Are some foods more important to choose organic? 
Some fruits and vegetables have been found to have higher levels of pesticide residue than others. There is still uncertainty around the level of residue that can negatively impact health. Some experts believe there are theoretical grounds for concern, particularly among women of reproductive age. 

The Environmental Working Group (EWG) a non-profit US research organization produces a shopping guide that lists conventionally grown produce with the most pesticide residue as ‘The Dirty Dozen’. It also reports produce with the least pesticide residue as ‘The Clean Fifteen’. EWG research indicates that consumers can lower their ingestion of pesticide residue by 80% by choosing conventionally produced food from the clean list. The resource is a handy tool to help consumers decide where to splurge on organic produce. For example, ‘The Dirty Dozen’ includes: celery, peaches, apples, blueberries, nectarines, bell peppers, spinach, cherries, kale/collards, potatoes and imported grapes. Visit www.foodnews.org to get the complete guide. The level of pesticide residue on produce may vary due to its country of origin. Meanwhile, the Canadian Food Inspection Agency helps to maintain Canada’s excellent reputation for safe and high-quality food and to protect Canadians from preventable health risks.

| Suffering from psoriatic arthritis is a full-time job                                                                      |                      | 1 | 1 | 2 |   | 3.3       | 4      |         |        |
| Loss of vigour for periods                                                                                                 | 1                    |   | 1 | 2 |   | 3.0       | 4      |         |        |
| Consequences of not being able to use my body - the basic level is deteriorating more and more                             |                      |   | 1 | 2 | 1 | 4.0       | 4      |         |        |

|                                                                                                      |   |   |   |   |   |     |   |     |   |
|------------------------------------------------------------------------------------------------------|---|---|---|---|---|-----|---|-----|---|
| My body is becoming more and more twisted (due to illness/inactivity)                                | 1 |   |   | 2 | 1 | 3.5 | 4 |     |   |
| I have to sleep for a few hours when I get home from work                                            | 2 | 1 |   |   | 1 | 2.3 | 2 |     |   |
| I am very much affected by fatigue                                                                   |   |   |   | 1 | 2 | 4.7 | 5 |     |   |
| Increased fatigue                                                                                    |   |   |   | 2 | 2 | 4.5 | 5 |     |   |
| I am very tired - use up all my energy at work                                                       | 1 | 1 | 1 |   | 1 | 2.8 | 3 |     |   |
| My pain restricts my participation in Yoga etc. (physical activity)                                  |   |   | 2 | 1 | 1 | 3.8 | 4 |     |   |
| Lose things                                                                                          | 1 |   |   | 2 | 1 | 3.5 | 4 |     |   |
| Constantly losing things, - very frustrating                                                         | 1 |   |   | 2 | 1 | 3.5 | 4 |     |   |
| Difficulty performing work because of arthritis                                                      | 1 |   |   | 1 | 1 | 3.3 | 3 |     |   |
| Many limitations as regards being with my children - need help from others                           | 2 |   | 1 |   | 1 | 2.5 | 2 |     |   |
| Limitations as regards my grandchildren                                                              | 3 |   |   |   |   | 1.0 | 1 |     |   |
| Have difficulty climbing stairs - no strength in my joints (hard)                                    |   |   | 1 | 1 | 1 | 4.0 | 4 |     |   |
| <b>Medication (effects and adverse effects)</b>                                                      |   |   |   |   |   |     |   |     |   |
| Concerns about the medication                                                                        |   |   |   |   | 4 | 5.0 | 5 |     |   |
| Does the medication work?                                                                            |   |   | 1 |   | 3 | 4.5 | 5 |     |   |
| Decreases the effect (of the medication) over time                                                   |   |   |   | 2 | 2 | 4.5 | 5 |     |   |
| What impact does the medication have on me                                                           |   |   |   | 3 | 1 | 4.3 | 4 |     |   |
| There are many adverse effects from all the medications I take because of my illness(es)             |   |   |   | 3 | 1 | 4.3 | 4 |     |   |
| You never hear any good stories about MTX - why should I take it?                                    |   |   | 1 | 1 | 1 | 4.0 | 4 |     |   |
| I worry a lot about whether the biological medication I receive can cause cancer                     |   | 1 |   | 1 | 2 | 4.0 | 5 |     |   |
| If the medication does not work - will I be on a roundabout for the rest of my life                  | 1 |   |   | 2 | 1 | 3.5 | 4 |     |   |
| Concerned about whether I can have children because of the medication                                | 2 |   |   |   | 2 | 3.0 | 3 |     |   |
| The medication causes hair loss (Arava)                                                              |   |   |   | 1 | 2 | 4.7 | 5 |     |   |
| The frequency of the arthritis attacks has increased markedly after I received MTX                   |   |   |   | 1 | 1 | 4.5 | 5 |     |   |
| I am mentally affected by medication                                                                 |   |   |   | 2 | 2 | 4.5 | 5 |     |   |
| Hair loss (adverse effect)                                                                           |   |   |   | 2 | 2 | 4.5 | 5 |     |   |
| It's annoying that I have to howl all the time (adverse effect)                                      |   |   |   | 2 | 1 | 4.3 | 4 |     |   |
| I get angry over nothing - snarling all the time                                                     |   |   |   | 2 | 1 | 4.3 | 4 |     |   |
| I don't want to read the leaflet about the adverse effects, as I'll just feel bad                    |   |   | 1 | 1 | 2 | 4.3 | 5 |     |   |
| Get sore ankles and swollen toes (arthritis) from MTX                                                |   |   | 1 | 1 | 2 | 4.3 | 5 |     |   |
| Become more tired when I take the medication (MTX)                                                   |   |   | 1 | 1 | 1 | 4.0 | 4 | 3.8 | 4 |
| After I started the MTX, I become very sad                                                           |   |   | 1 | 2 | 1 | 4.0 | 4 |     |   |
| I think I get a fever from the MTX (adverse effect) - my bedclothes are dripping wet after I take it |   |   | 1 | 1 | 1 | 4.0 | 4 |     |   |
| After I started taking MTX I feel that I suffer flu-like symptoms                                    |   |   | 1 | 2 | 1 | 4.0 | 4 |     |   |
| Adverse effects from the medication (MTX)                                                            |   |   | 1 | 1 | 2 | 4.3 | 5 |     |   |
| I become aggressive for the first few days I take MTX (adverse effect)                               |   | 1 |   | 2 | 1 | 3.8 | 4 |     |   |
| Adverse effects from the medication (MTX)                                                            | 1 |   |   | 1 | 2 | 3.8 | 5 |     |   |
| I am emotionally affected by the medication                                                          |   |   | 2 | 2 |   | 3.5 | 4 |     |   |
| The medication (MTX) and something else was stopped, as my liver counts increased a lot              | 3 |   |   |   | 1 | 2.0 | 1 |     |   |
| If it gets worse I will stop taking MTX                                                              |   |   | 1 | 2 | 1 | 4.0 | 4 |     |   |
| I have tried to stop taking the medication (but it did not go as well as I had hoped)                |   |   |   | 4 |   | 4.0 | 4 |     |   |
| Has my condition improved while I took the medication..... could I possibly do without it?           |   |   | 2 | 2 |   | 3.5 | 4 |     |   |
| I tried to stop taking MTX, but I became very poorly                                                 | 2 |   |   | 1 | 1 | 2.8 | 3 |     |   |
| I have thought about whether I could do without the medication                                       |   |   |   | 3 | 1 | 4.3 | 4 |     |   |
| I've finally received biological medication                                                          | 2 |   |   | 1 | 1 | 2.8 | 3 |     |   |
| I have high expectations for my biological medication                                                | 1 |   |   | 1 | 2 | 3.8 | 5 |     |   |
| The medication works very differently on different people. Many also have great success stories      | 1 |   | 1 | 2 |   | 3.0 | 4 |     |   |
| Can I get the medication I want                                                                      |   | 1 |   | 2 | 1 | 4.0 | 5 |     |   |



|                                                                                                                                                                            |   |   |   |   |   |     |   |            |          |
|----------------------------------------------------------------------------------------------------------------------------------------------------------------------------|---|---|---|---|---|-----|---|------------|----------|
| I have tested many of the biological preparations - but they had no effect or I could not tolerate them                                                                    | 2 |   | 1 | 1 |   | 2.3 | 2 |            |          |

Should I eat organic meat and poultry? 
Organic meat and poultry must be raised without antibiotics, synthetic hormones, genetic engineering, chemical pesticides, artificial ingredients or preservatives. Be aware of products marketed as 'all natural', 'free-run', 'hormone-free' or 'antibiotic-free' which may not be certified or meet organic standards. 

Should I buy organic milk? 
Whether organic or not, all milk sold in Canada is free of antibiotics, hormones and preservatives by law. Unlike the United States, the use of artificial growth hormones to increase lactation is illegal in Canada. While antibiotic use is permitted, any cow receiving antibiotics is taken out of the production system for a period of time deemed appropriate by veterinarians. Milk is tested regularly and extensively to ensure it is free of antibiotics. Choosing organic milk will ensure that the cows are fed certified organic feed

Erin MacGregor, RD, P.H.Ec. is a Toronto-based Registered Dietitian and Professional Home Economist and a member of Ontario Home Economics Association. 

Ontario Home Economics Association (OHEA) a self-regulated body of Professional Home Economists promotes high professional standards among its members so that they may assist families and individuals to achieve and maintain a desirable quality of life. For further information, please contact: Ontario Home Economics Association, 1 Totten Place, Woodstock, ON N4S 8G7 Tel/Fax: 519-290-1843 Email: nancyohea@rogers.com Website: www.ohea.on.ca